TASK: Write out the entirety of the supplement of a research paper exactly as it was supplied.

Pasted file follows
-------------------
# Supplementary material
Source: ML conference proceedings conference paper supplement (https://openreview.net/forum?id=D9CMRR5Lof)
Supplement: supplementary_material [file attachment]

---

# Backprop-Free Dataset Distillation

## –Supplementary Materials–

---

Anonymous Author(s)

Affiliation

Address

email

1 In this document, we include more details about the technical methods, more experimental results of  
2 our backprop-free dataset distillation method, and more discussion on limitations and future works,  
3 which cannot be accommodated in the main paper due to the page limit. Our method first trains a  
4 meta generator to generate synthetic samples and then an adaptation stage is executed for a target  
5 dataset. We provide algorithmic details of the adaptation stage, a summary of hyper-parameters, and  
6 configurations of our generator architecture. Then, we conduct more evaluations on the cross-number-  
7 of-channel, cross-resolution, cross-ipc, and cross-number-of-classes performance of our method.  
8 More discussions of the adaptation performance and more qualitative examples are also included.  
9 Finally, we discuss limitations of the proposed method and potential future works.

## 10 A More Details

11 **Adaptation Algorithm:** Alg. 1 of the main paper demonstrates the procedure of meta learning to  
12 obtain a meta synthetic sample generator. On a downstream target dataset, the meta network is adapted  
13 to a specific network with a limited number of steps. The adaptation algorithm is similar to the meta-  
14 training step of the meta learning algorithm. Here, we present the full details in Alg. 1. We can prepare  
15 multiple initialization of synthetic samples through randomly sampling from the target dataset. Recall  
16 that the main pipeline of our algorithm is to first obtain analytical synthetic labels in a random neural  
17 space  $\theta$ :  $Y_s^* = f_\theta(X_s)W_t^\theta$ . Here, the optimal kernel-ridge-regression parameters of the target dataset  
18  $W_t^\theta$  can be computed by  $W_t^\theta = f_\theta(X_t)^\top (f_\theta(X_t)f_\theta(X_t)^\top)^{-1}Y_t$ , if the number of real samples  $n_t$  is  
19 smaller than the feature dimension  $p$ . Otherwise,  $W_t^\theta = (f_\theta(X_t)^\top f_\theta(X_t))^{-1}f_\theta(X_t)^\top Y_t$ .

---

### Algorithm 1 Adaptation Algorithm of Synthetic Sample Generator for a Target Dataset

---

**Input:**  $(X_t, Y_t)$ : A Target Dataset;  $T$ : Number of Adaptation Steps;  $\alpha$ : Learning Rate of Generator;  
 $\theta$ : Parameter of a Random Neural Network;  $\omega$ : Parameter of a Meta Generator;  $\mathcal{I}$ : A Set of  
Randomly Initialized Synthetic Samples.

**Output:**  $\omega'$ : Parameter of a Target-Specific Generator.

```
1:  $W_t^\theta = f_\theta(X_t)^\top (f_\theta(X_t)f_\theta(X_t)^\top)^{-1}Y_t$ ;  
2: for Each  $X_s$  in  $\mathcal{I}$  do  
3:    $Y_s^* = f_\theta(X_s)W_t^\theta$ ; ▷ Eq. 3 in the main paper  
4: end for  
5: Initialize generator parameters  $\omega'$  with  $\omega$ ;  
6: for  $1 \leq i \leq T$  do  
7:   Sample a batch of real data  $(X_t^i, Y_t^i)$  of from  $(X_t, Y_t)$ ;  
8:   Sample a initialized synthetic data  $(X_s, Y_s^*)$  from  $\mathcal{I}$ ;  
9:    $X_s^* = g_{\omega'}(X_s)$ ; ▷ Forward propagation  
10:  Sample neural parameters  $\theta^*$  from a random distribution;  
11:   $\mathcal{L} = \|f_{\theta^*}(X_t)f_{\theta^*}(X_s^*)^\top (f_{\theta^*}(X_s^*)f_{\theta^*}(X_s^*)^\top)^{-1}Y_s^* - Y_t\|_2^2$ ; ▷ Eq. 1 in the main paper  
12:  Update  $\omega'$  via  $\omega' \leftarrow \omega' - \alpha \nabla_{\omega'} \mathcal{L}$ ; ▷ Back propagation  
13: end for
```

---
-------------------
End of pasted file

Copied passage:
# Supplementary material
Source: ML conference proceedings conference paper supplement (https://openreview.net/forum?id=D9CMRR5Lof)
Supplement: supplementary_material [file attachment]

---

# Backprop-Free Dataset Distillation

## –Supplementary Materials–

---

Anonymous Author(s)

Affiliation

Address

email

1 In this document, we include more details about the technical methods, more experimental results of  
2 our backprop-free dataset distillation method, and more discussion on limitations and future works,  
3 which cannot be accommodated in the main paper due to the page limit. Our method first trains a  
4 meta generator to generate synthetic samples and then an adaptation stage is executed for a target  
5 dataset. We provide algorithmic details of the adaptation stage, a summary of hyper-parameters, and  
6 configurations of our generator architecture. Then, we conduct more evaluations on the cross-number-  
7 of-channel, cross-resolution, cross-ipc, and cross-number-of-classes performance of our method.  
8 More discussions of the adaptation performance and more qualitative examples are also included.  
9 Finally, we discuss limitations of the proposed method and potential future works.

## 10 A More Details

11 **Adaptation Algorithm:** Alg. 1 of the main paper demonstrates the procedure of meta learning to  
12 obtain a meta synthetic sample generator. On a downstream target dataset, the meta network is adapted  
13 to a specific network with a limited number of steps. The adaptation algorithm is similar to the meta-  
14 training step of the meta learning algorithm. Here, we present the full details in Alg. 1. We can prepare  
15 multiple initialization of synthetic samples through randomly sampling from the target dataset. Recall  
16 that the main pipeline of our algorithm is to first obtain analytical synthetic labels in a random neural  
17 space  $\theta$ :  $Y_s^* = f_\theta(X_s)W_t^\theta$ . Here, the optimal kernel-ridge-regression parameters of the target dataset  
18  $W_t^\theta$  can be computed by  $W_t^\theta = f_\theta(X_t)^\top (f_\theta(X_t)f_\theta(X_t)^\top)^{-1}Y_t$ , if the number of real samples  $n_t$  is  
19 smaller than the feature dimension  $p$ . Otherwise,  $W_t^\theta = (f_\theta(X_t)^\top f_\theta(X_t))^{-1}f_\theta(X_t)^\top Y_t$ .

---

### Algorithm 1 Adaptation Algorithm of Synthetic Sample Generator for a Target Dataset

---

**Input:**  $(X_t, Y_t)$ : A Target Dataset;  $T$ : Number of Adaptation Steps;  $\alpha$ : Learning Rate of Generator;  
 $\theta$ : Parameter of a Random Neural Network;  $\omega$ : Parameter of a Meta Generator;  $\mathcal{I}$ : A Set of  
Randomly Initialized Synthetic Samples.

**Output:**  $\omega'$ : Parameter of a Target-Specific Generator.

```
1:  $W_t^\theta = f_\theta(X_t)^\top (f_\theta(X_t)f_\theta(X_t)^\top)^{-1}Y_t$ ;  
2: for Each  $X_s$  in  $\mathcal{I}$  do  
3:    $Y_s^* = f_\theta(X_s)W_t^\theta$ ; ▷ Eq. 3 in the main paper  
4: end for  
5: Initialize generator parameters  $\omega'$  with  $\omega$ ;  
6: for  $1 \leq i \leq T$  do  
7:   Sample a batch of real data  $(X_t^i, Y_t^i)$  of from  $(X_t, Y_t)$ ;  
8:   Sample a initialized synthetic data  $(X_s, Y_s^*)$  from  $\mathcal{I}$ ;  
9:    $X_s^* = g_{\omega'}(X_s)$ ; ▷ Forward propagation  
10:  Sample neural parameters  $\theta^*$  from a random distribution;  
11:   $\mathcal{L} = \|f_{\theta^*}(X_t)f_{\theta^*}(X_s^*)^\top (f_{\theta^*}(X_s^*)f_{\theta^*}(X_s^*)^\top)^{-1}Y_s^* - Y_t\|_2^2$ ; ▷ Eq. 1 in the main paper  
12:  Update  $\omega'$  via  $\omega' \leftarrow \omega' - \alpha \nabla_{\omega'} \mathcal{L}$ ; ▷ Back propagation  
13: end for
```

---